• async I/O with FastCGI with UnixInputStream and UnixOutputStream
                  • backlog defaults to 10

                  The blocking accept call was a real pain to work around, but I finally ended up with an elegant solution:

                  • use a threaded loop for accepting a new request
                  • delegate the processing into the main context

                  FastCGI mutiplexes multiple requests on a single connection and thus, it’s hard to perform efficient asynchronous I/O. The only thing we can do is polling the unique file descriptor we have and to do it correctly, why not reusing gio-unix-2.0?

                  The streams are reimplemented by deriving UnixInputStream and UnixOutputStream and overriding read and write to write a record instead of the raw data. That’s it!

                  I have also been working on SCGI: the netstring processing is now fully asynchronous. I couldn’t backport it as it was depending on other breaking changes.

                  First of all, happy new year to you all (yes, I know we are already in February)!

                  Long time no post, I've been very busy with work, new projects, new clients, new technologies, preparing the move to a new home, the second child, and lot more, on the personal side.
                  Handling all of the above at the same time resulted in a severe change in the amount of my open-source contributions, so I haven't been able to do anything more except for code reviews and minor fixes, plus the releases of the GNOME modules I am responsible for (GNOME Games rule!).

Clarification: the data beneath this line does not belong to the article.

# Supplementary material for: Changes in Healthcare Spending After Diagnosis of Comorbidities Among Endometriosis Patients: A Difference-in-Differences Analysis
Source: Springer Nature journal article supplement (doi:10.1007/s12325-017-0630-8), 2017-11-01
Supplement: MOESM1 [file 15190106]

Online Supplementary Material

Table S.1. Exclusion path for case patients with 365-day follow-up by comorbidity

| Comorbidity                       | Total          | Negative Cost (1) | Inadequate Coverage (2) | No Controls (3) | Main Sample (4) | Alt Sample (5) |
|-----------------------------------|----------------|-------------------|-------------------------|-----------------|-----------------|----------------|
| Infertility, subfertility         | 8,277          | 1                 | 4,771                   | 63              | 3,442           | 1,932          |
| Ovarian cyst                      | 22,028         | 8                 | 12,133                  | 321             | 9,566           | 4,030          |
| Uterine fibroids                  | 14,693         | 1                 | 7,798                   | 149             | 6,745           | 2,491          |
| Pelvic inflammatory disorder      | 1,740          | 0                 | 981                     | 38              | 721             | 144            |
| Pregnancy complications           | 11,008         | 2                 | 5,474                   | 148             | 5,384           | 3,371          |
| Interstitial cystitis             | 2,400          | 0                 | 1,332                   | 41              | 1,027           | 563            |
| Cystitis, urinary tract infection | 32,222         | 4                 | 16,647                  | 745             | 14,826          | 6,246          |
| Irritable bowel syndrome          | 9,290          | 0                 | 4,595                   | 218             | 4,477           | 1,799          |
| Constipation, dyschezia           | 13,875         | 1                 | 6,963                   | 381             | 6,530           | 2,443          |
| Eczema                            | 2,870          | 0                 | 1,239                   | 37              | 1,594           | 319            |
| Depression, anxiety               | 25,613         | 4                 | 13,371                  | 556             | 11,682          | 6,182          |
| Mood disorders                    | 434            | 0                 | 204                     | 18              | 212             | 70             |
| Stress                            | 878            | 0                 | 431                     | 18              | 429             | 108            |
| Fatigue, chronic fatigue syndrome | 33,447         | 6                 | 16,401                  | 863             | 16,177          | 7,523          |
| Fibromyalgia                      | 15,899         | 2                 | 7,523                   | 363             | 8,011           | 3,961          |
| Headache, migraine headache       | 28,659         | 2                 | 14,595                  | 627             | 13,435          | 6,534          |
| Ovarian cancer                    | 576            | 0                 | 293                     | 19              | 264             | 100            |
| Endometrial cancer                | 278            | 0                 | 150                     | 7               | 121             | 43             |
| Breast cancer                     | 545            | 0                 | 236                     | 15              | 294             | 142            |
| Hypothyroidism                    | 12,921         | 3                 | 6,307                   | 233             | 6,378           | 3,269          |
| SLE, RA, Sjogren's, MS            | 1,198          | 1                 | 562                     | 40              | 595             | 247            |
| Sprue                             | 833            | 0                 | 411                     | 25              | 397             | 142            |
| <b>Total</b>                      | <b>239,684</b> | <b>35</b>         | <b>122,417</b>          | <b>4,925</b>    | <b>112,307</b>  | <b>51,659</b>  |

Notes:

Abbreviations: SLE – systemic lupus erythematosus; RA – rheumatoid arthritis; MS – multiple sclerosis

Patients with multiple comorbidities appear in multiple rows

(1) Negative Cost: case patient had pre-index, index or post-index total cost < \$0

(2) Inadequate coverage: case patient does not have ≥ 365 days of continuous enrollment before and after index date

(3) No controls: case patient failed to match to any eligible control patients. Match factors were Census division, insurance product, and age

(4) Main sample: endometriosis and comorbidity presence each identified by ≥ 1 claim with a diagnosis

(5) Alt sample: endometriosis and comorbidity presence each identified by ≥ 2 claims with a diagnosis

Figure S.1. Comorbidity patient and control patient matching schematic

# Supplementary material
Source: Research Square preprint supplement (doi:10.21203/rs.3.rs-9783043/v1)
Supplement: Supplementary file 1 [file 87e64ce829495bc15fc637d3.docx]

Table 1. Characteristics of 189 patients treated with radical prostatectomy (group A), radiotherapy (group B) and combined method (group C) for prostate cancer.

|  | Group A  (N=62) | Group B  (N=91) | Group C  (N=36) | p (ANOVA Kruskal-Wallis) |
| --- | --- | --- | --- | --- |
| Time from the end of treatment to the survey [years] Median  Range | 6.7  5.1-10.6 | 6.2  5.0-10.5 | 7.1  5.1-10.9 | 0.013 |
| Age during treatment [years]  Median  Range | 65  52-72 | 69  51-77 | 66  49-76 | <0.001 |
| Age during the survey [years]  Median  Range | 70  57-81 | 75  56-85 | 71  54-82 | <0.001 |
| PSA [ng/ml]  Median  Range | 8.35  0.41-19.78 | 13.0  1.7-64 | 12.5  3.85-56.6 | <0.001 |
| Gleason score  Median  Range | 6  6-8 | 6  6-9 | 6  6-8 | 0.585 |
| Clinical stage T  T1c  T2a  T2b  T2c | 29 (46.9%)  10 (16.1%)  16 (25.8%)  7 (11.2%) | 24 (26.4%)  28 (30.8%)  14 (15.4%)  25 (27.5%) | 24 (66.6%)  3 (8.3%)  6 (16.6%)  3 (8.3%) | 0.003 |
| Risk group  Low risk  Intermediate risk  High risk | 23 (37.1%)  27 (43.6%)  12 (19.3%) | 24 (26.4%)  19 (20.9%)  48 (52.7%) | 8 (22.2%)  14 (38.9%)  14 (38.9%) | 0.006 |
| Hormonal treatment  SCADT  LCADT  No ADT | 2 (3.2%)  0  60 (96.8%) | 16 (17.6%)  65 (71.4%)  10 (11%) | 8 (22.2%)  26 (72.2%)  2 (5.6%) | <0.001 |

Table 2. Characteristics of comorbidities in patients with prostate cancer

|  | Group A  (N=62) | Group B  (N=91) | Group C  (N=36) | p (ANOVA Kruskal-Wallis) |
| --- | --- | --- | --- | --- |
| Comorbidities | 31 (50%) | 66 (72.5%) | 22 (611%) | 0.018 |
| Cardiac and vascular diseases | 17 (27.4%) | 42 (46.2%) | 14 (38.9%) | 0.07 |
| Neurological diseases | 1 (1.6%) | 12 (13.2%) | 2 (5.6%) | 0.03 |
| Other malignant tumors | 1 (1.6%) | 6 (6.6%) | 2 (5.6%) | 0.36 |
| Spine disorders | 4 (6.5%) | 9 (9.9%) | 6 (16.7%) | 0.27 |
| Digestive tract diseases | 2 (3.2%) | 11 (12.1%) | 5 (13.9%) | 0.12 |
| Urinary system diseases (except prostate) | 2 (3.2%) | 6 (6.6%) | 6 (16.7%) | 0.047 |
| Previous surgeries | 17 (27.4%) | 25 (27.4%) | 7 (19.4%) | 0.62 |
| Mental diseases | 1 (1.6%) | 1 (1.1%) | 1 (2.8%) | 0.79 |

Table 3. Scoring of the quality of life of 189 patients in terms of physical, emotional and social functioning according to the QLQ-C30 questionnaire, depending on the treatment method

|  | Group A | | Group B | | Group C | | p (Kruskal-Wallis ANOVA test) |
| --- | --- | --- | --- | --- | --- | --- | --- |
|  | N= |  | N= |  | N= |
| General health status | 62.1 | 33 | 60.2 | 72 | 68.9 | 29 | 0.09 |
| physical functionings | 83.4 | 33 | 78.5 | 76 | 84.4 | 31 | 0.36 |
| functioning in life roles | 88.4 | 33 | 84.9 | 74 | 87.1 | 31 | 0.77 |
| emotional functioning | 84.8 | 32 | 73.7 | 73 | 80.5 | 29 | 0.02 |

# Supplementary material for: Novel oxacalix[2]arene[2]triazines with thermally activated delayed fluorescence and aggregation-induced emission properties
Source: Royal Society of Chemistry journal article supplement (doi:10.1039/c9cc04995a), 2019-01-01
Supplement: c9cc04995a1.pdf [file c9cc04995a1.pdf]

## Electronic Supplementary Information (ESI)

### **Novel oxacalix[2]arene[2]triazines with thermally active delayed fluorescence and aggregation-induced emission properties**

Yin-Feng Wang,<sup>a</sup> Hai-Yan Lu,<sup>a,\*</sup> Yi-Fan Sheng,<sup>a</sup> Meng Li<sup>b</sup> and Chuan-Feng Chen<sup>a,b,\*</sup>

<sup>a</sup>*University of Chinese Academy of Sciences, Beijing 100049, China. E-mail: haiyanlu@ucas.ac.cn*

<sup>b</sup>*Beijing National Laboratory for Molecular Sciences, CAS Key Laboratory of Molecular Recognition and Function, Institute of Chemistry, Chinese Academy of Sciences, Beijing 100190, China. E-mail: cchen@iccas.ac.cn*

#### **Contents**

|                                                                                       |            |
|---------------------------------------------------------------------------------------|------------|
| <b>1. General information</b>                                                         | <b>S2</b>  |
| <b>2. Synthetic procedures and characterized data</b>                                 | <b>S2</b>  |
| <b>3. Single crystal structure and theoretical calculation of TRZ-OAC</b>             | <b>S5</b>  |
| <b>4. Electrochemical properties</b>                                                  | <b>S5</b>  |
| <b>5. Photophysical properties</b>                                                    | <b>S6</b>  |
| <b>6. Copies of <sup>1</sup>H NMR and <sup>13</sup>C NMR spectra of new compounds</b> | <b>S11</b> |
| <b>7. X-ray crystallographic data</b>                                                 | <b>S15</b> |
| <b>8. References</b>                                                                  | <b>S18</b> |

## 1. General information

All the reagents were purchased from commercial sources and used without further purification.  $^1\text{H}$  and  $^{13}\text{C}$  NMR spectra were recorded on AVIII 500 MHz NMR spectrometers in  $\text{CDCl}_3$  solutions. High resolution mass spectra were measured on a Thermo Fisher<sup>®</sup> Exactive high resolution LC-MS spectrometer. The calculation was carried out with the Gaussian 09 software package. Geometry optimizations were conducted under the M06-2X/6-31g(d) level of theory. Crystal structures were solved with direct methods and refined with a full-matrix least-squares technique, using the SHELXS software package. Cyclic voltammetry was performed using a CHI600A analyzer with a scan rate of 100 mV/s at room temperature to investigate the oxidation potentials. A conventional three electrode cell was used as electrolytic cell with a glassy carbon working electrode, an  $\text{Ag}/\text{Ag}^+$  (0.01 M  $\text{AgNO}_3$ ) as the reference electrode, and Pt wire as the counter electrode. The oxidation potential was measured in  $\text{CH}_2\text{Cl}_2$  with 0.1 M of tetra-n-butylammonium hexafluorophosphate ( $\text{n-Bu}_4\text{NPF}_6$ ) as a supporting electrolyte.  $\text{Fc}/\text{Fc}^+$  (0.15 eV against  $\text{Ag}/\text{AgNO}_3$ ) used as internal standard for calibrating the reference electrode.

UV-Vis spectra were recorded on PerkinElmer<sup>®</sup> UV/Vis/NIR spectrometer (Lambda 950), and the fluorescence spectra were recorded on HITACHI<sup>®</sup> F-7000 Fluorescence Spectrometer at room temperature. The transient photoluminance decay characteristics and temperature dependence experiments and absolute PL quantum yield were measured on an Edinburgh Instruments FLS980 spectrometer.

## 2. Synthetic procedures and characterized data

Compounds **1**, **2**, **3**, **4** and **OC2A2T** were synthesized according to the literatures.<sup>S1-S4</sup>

During the winter break, between Christmas and New Year's Eve I have managed to work a bit on AppMenu integration for Atomix (which is not completely ready, as the appmenu is not displayed, in spite of being there, when checking with gtkInspector)
                  In the meantime lots of good things have happened, e.g. the Fedora 23 release, which is (again)  the best Fedora release of all times, thanks to everyone contributing.

                  All in all, I just wanted to share that I'm not dead yet, just been very busy, but hoping that I can get back to the normal life with a couple more contributions to open-source, and sharing some more experiences with gadgets, e.g. the Android+Lubuntu dual boot open-source TV box I got for Christmas.

                  Continuous Integration or CI is widely used in Test Driven Design for keeping the project's codebase tight, reducing errors and making sure there is always a working build available for deployment. It provides a means to automate the whole build and testing process, so developers can focus on writing their tests and the code that passes them. By setting up a system that builds and tests the software on its supported platforms, deployment issues can be identified early and distribution of new releases automated.